Pete Kelly, Managing Director
13 September 2019
13 September 2019
Show or no show?
There is no doubting that the IAA is still one of the world’s largest shows for the car industry. The grounds are vast (I walked over 17 kilometres on my first day there this year) and most of the cavernous halls are full of exhibitors. But there was also an unmistakable feeling that this year’s show was smaller, less extravagant and more subdued than previous events.
“In fact, the introduction of a heritage section may well have been one way to hold the visitors’ interest.”
A number of OEMs chose not to be present this year. Brands that are reliant on Europe for many of their sales, such as Peugeot, Citroën, Fiat and Volvo, were absent. This creates a potential problem for show organisers if there are fewer shiny and exciting new cars to entice the paying public on open days. In fact, the introduction of a heritage section may well have been one way to hold the visitors’ interest. There is no question this is a global trend, with other famous motor shows making changes in a bid to keep interest and attendance high. The Detroit show, for example, is moving to the summer, from January, in order to freshen its appeal.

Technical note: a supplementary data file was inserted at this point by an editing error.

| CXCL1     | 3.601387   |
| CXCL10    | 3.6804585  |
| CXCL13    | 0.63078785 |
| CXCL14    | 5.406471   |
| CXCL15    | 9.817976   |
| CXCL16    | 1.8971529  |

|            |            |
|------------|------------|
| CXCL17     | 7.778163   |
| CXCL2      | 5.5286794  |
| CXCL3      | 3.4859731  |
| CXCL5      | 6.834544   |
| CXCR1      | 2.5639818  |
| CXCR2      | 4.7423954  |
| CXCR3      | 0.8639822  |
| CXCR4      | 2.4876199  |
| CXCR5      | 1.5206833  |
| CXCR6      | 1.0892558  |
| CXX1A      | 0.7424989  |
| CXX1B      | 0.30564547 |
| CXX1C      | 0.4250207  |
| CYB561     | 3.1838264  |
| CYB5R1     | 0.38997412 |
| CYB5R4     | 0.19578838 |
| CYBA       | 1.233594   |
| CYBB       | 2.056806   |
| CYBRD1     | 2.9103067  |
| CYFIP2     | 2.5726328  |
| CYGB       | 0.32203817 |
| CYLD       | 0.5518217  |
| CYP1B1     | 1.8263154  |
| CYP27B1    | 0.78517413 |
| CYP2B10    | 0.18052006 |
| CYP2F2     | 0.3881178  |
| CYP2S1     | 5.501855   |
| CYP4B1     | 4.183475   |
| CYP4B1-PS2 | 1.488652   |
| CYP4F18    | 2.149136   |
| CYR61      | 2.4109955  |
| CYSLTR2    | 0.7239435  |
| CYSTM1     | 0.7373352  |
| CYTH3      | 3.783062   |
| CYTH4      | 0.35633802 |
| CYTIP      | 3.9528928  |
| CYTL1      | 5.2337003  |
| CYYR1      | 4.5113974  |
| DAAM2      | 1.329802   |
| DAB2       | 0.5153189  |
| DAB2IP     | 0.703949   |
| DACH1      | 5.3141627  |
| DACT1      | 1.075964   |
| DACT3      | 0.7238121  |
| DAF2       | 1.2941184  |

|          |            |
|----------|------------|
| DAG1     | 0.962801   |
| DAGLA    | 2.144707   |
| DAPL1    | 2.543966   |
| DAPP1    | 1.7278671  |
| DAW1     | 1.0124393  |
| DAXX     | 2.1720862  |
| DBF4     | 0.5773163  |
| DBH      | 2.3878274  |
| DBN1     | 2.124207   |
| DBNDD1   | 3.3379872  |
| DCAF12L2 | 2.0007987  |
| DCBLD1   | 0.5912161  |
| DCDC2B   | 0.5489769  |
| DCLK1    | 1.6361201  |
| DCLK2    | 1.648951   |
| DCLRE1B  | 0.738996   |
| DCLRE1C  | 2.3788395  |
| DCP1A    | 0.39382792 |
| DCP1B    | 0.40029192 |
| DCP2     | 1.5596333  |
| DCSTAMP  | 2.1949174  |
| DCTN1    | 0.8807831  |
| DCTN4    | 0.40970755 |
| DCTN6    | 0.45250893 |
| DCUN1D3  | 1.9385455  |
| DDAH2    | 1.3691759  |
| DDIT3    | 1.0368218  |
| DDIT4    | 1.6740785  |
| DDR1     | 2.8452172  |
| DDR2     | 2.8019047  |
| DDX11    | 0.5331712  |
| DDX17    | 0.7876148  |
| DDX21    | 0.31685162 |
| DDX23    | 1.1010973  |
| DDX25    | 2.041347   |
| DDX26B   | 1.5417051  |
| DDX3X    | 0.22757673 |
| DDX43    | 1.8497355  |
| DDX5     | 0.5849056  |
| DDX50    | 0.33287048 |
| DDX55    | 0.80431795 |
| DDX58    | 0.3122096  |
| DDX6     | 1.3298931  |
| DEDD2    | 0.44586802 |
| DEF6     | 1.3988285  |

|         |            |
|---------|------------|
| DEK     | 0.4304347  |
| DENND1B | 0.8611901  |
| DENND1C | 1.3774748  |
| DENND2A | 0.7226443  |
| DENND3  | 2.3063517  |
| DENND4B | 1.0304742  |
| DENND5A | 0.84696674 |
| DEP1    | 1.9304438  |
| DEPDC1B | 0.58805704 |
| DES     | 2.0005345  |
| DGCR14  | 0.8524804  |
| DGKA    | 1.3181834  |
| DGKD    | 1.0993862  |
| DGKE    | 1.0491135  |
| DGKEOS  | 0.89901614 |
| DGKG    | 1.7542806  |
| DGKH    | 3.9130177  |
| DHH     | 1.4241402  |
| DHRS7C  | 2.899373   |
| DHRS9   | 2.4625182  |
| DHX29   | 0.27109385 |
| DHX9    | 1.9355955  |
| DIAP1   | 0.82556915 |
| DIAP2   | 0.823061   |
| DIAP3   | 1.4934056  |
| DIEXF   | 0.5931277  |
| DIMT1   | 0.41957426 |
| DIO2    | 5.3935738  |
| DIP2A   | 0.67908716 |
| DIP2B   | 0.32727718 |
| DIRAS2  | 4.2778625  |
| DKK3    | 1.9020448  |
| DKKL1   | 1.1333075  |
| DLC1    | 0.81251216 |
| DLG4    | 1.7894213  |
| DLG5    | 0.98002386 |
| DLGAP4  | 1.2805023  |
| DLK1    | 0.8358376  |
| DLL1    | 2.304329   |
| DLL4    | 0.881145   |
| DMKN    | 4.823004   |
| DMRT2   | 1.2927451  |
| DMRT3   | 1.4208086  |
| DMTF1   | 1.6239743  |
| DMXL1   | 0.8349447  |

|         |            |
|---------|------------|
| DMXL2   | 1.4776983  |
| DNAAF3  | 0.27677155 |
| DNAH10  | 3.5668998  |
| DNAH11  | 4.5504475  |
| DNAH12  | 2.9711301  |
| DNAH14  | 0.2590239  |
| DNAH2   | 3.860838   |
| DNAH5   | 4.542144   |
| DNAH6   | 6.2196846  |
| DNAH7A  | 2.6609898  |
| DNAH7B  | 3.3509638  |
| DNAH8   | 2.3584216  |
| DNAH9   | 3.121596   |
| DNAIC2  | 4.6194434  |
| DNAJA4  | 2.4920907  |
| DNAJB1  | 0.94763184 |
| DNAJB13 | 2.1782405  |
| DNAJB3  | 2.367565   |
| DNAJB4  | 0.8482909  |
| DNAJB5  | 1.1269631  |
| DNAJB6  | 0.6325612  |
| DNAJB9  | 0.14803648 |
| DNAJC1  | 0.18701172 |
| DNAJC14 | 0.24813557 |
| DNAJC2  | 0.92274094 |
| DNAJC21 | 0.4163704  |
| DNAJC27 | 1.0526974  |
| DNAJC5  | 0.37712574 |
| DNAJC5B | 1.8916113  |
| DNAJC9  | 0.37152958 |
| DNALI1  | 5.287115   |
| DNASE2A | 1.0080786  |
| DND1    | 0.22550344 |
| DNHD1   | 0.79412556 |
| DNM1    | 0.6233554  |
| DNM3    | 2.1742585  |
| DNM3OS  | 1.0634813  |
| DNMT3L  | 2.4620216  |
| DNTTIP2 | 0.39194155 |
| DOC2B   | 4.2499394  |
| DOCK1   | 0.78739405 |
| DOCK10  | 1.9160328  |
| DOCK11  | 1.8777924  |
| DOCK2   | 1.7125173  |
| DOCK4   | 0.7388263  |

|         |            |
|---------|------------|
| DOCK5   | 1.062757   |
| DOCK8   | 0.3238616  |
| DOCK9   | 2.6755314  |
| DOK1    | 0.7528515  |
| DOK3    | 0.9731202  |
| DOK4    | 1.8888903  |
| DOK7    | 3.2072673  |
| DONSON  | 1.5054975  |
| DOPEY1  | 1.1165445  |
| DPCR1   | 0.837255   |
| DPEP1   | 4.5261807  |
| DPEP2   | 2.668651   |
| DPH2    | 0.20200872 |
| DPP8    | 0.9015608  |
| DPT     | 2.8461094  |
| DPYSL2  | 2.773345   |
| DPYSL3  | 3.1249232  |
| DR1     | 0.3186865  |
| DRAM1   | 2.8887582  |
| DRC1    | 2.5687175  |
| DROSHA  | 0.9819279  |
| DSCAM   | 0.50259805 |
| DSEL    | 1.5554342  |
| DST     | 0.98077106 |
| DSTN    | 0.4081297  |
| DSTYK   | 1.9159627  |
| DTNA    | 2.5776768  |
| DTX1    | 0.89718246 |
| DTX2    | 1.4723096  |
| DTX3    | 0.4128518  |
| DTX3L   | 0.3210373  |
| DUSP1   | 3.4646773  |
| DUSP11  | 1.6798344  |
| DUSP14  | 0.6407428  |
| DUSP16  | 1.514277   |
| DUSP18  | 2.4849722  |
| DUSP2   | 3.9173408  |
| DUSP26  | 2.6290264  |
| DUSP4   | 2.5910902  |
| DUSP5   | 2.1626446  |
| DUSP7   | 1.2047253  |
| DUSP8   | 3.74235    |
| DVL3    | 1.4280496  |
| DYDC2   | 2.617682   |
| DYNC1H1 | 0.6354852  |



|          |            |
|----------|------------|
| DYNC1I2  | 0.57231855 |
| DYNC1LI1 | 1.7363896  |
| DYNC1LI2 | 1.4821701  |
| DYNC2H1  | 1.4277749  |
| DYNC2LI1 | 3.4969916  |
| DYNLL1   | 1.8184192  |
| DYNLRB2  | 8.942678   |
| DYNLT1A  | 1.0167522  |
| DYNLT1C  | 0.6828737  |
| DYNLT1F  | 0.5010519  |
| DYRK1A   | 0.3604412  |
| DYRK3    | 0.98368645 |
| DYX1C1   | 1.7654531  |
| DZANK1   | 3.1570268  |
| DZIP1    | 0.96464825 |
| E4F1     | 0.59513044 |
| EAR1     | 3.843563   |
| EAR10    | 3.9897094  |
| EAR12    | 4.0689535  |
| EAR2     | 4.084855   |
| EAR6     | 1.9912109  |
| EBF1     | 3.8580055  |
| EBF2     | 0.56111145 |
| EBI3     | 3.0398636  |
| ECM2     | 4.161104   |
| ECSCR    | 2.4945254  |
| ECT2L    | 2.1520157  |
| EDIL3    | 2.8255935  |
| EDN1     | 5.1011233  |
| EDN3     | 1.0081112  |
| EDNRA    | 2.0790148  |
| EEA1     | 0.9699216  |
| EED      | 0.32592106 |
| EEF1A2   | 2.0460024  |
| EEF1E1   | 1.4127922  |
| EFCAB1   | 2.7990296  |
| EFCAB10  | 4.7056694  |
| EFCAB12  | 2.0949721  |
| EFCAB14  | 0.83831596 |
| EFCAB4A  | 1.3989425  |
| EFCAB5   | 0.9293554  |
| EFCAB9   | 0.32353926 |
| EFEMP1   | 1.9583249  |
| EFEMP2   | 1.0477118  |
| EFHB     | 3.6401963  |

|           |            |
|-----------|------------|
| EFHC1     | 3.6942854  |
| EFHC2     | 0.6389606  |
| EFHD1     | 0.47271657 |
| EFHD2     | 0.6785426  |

OEMs are increasingly using other channels to promote their products. Online and social media campaigns, and separate individual events, are competing with the big shows for finite marketing resources. While a big show cancellation may not be imminent, this declining trend may ultimately lead to fewer very large events of this kind.
This is not to say that there was not some eye-catching activity. The new Land Rover Defender drove on to the stand on a 45% incline from somewhere near the roof. Meanwhile, the Mercedes-Benz hall, utilising the full height of the Festhalle for effect, along with what must be some of the biggest LED display screens in existence, created a stunning and zen-like space. And EV product activity is moving into the mainstream, most notably with Volkswagen’s launch of the ID.3, though there were plenty of others.
Perhaps the backdrop of slowing global auto sales – and a host of other risks – has also led to a little belt-tightening in this area, and the event will come roaring back in two years’ time. But it is hard not to think that the biggest shows of this kind may already be in the past.